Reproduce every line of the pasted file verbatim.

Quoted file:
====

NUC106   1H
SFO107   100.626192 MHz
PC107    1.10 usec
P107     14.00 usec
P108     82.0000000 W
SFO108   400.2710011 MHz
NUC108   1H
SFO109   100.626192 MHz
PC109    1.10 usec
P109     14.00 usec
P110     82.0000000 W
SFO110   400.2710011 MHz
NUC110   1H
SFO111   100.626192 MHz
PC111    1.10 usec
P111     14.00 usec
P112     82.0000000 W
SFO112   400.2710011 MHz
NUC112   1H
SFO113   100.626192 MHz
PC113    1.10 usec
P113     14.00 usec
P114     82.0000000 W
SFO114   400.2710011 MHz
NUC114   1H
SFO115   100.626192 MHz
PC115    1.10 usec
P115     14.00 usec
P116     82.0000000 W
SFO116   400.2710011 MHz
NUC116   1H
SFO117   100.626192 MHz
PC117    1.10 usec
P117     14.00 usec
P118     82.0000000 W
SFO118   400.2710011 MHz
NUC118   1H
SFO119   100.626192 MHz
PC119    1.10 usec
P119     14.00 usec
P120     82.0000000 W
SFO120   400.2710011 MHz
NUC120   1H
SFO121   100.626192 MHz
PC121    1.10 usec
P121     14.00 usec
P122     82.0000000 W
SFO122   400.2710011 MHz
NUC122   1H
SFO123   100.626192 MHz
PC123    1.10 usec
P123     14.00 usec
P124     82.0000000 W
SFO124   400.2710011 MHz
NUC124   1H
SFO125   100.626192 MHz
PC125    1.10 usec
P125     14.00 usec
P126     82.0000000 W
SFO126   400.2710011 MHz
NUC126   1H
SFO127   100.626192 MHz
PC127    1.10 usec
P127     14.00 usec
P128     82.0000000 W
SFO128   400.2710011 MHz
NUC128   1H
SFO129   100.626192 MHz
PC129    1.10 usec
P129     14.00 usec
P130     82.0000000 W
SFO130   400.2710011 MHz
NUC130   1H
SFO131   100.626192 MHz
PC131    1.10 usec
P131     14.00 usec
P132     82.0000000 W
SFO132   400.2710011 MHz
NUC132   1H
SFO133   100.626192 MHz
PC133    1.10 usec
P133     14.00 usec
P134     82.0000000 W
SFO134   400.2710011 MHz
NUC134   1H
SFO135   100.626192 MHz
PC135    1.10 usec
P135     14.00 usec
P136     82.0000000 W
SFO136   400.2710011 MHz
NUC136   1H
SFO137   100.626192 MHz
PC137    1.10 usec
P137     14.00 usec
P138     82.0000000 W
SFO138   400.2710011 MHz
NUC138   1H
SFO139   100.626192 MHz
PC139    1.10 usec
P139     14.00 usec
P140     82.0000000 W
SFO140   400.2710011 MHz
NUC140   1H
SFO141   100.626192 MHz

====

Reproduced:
NUC106   1H
SFO107   100.626192 MHz
PC107    1.10 usec
P107     14.00 usec
P108     82.0000000 W
SFO108   400.2710011 MHz
NUC108   1H
SFO109   100.626192 MHz
PC109    1.10 usec
P109     14.00 usec
P110     82.0000000 W
SFO110   400.2710011 MHz
NUC110   1H
SFO111   100.626192 MHz
PC111    1.10 usec
P111     14.00 usec
P112     82.0000000 W
SFO112   400.2710011 MHz
NUC112   1H
SFO113   100.626192 MHz
PC113    1.10 usec
P113     14.00 usec
P114     82.0000000 W
SFO114   400.2710011 MHz
NUC114   1H
SFO115   100.626192 MHz
PC115    1.10 usec
P115     14.00 usec
P116     82.0000000 W
SFO116   400.2710011 MHz
NUC116   1H
SFO117   100.626192 MHz
PC117    1.10 usec
P117     14.00 usec
P118     82.0000000 W
SFO118   400.2710011 MHz
NUC118   1H
SFO119   100.626192 MHz
PC119    1.10 usec
P119     14.00 usec
P120     82.0000000 W
SFO120   400.2710011 MHz
NUC120   1H
SFO121   100.626192 MHz
PC121    1.10 usec
P121     14.00 usec
P122     82.0000000 W
SFO122   400.2710011 MHz
NUC122   1H
SFO123   100.626192 MHz
PC123    1.10 usec
P123     14.00 usec
P124     82.0000000 W
SFO124   400.2710011 MHz
NUC124   1H
SFO125   100.626192 MHz
PC125    1.10 usec
P125     14.00 usec
P126     82.0000000 W
SFO126   400.2710011 MHz
NUC126   1H
SFO127   100.626192 MHz
PC127    1.10 usec
P127     14.00 usec
P128     82.0000000 W
SFO128   400.2710011 MHz
NUC128   1H
SFO129   100.626192 MHz
PC129    1.10 usec
P129     14.00 usec
P130     82.0000000 W
SFO130   400.2710011 MHz
NUC130   1H
SFO131   100.626192 MHz
PC131    1.10 usec
P131     14.00 usec
P132     82.0000000 W
SFO132   400.2710011 MHz
NUC132   1H
SFO133   100.626192 MHz
PC133    1.10 usec
P133     14.00 usec
P134     82.0000000 W
SFO134   400.2710011 MHz
NUC134   1H
SFO135   100.626192 MHz
PC135    1.10 usec
P135     14.00 usec
P136     82.0000000 W
SFO136   400.2710011 MHz
NUC136   1H
SFO137   100.626192 MHz
PC137    1.10 usec
P137     14.00 usec
P138     82.0000000 W
SFO138   400.2710011 MHz
NUC138   1H
SFO139   100.626192 MHz
PC139    1.10 usec
P139     14.00 usec
P140     82.0000000 W
SFO140   400.2710011 MHz
NUC140   1H
SFO141   100.626192 MHz